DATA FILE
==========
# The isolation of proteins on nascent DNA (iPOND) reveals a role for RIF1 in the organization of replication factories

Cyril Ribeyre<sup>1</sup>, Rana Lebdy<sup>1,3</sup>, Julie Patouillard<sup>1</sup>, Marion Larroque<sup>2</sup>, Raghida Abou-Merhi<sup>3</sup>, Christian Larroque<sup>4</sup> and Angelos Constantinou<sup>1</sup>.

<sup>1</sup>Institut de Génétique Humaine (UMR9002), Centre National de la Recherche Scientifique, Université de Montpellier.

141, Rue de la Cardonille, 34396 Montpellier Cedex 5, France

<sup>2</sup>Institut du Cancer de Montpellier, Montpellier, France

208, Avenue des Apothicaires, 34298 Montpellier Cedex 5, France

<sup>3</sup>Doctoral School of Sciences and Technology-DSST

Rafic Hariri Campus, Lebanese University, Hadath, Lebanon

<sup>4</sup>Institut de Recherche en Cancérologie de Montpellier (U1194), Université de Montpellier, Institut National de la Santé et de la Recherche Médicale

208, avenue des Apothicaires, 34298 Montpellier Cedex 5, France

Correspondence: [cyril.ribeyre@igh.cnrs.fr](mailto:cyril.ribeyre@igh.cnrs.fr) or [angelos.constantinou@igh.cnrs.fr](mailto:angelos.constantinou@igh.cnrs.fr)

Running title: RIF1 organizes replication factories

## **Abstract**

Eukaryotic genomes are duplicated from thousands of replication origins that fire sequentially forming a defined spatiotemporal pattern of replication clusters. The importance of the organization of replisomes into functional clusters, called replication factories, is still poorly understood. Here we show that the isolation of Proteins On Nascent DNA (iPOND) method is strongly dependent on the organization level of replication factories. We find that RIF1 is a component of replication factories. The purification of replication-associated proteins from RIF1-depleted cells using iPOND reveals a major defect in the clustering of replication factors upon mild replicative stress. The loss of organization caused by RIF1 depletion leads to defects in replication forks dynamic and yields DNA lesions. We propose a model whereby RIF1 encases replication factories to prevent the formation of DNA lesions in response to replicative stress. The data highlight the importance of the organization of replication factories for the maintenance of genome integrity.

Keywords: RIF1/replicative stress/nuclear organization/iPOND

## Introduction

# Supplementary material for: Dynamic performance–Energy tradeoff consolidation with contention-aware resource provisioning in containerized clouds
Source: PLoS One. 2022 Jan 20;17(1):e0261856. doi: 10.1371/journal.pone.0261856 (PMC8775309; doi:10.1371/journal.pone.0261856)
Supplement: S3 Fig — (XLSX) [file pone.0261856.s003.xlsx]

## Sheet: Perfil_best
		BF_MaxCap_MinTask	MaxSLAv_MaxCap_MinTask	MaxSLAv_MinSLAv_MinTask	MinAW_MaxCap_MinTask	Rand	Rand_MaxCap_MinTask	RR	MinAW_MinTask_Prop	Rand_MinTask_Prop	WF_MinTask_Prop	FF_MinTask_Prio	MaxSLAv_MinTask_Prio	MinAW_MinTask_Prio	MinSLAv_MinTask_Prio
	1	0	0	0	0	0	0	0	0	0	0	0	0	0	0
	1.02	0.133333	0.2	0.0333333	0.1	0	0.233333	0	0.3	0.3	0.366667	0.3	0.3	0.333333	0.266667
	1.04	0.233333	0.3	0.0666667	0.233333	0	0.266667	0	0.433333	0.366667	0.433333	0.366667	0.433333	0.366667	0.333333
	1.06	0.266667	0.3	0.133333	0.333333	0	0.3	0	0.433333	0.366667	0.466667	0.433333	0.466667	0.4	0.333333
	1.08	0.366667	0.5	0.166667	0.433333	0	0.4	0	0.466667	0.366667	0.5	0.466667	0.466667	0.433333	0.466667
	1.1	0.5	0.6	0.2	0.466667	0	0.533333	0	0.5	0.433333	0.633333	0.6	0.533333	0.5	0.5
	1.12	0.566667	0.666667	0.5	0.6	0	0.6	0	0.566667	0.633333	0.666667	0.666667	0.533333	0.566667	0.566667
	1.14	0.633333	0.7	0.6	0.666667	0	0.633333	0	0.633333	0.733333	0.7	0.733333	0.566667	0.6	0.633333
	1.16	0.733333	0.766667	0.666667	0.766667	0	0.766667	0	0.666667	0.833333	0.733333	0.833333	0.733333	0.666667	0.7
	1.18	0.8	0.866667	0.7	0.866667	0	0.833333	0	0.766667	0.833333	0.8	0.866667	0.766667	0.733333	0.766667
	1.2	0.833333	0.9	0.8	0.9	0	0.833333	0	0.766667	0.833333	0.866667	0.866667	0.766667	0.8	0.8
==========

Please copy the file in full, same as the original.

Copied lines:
# The isolation of proteins on nascent DNA (iPOND) reveals a role for RIF1 in the organization of replication factories

Cyril Ribeyre<sup>1</sup>, Rana Lebdy<sup>1,3</sup>, Julie Patouillard<sup>1</sup>, Marion Larroque<sup>2</sup>, Raghida Abou-Merhi<sup>3</sup>, Christian Larroque<sup>4</sup> and Angelos Constantinou<sup>1</sup>.

<sup>1</sup>Institut de Génétique Humaine (UMR9002), Centre National de la Recherche Scientifique, Université de Montpellier.

141, Rue de la Cardonille, 34396 Montpellier Cedex 5, France

<sup>2</sup>Institut du Cancer de Montpellier, Montpellier, France

208, Avenue des Apothicaires, 34298 Montpellier Cedex 5, France

<sup>3</sup>Doctoral School of Sciences and Technology-DSST

Rafic Hariri Campus, Lebanese University, Hadath, Lebanon

<sup>4</sup>Institut de Recherche en Cancérologie de Montpellier (U1194), Université de Montpellier, Institut National de la Santé et de la Recherche Médicale

208, avenue des Apothicaires, 34298 Montpellier Cedex 5, France

Correspondence: [cyril.ribeyre@igh.cnrs.fr](mailto:cyril.ribeyre@igh.cnrs.fr) or [angelos.constantinou@igh.cnrs.fr](mailto:angelos.constantinou@igh.cnrs.fr)

Running title: RIF1 organizes replication factories

## **Abstract**

Eukaryotic genomes are duplicated from thousands of replication origins that fire sequentially forming a defined spatiotemporal pattern of replication clusters. The importance of the organization of replisomes into functional clusters, called replication factories, is still poorly understood. Here we show that the isolation of Proteins On Nascent DNA (iPOND) method is strongly dependent on the organization level of replication factories. We find that RIF1 is a component of replication factories. The purification of replication-associated proteins from RIF1-depleted cells using iPOND reveals a major defect in the clustering of replication factors upon mild replicative stress. The loss of organization caused by RIF1 depletion leads to defects in replication forks dynamic and yields DNA lesions. We propose a model whereby RIF1 encases replication factories to prevent the formation of DNA lesions in response to replicative stress. The data highlight the importance of the organization of replication factories for the maintenance of genome integrity.

Keywords: RIF1/replicative stress/nuclear organization/iPOND

## Introduction

# Supplementary material for: Dynamic performance–Energy tradeoff consolidation with contention-aware resource provisioning in containerized clouds
Source: PLoS One. 2022 Jan 20;17(1):e0261856. doi: 10.1371/journal.pone.0261856 (PMC8775309; doi:10.1371/journal.pone.0261856)
Supplement: S3 Fig — (XLSX) [file pone.0261856.s003.xlsx]

## Sheet: Perfil_best
		BF_MaxCap_MinTask	MaxSLAv_MaxCap_MinTask	MaxSLAv_MinSLAv_MinTask	MinAW_MaxCap_MinTask	Rand	Rand_MaxCap_MinTask	RR	MinAW_MinTask_Prop	Rand_MinTask_Prop	WF_MinTask_Prop	FF_MinTask_Prio	MaxSLAv_MinTask_Prio	MinAW_MinTask_Prio	MinSLAv_MinTask_Prio
	1	0	0	0	0	0	0	0	0	0	0	0	0	0	0
	1.02	0.133333	0.2	0.0333333	0.1	0	0.233333	0	0.3	0.3	0.366667	0.3	0.3	0.333333	0.266667
	1.04	0.233333	0.3	0.0666667	0.233333	0	0.266667	0	0.433333	0.366667	0.433333	0.366667	0.433333	0.366667	0.333333
	1.06	0.266667	0.3	0.133333	0.333333	0	0.3	0	0.433333	0.366667	0.466667	0.433333	0.466667	0.4	0.333333
	1.08	0.366667	0.5	0.166667	0.433333	0	0.4	0	0.466667	0.366667	0.5	0.466667	0.466667	0.433333	0.466667
	1.1	0.5	0.6	0.2	0.466667	0	0.533333	0	0.5	0.433333	0.633333	0.6	0.533333	0.5	0.5
	1.12	0.566667	0.666667	0.5	0.6	0	0.6	0	0.566667	0.633333	0.666667	0.666667	0.533333	0.566667	0.566667
	1.14	0.633333	0.7	0.6	0.666667	0	0.633333	0	0.633333	0.733333	0.7	0.733333	0.566667	0.6	0.633333
	1.16	0.733333	0.766667	0.666667	0.766667	0	0.766667	0	0.666667	0.833333	0.733333	0.833333	0.733333	0.666667	0.7
	1.18	0.8	0.866667	0.7	0.866667	0	0.833333	0	0.766667	0.833333	0.8	0.866667	0.766667	0.733333	0.766667
	1.2	0.833333	0.9	0.8	0.9	0	0.833333	0	0.766667	0.833333	0.866667	0.866667	0.766667	0.8	0.8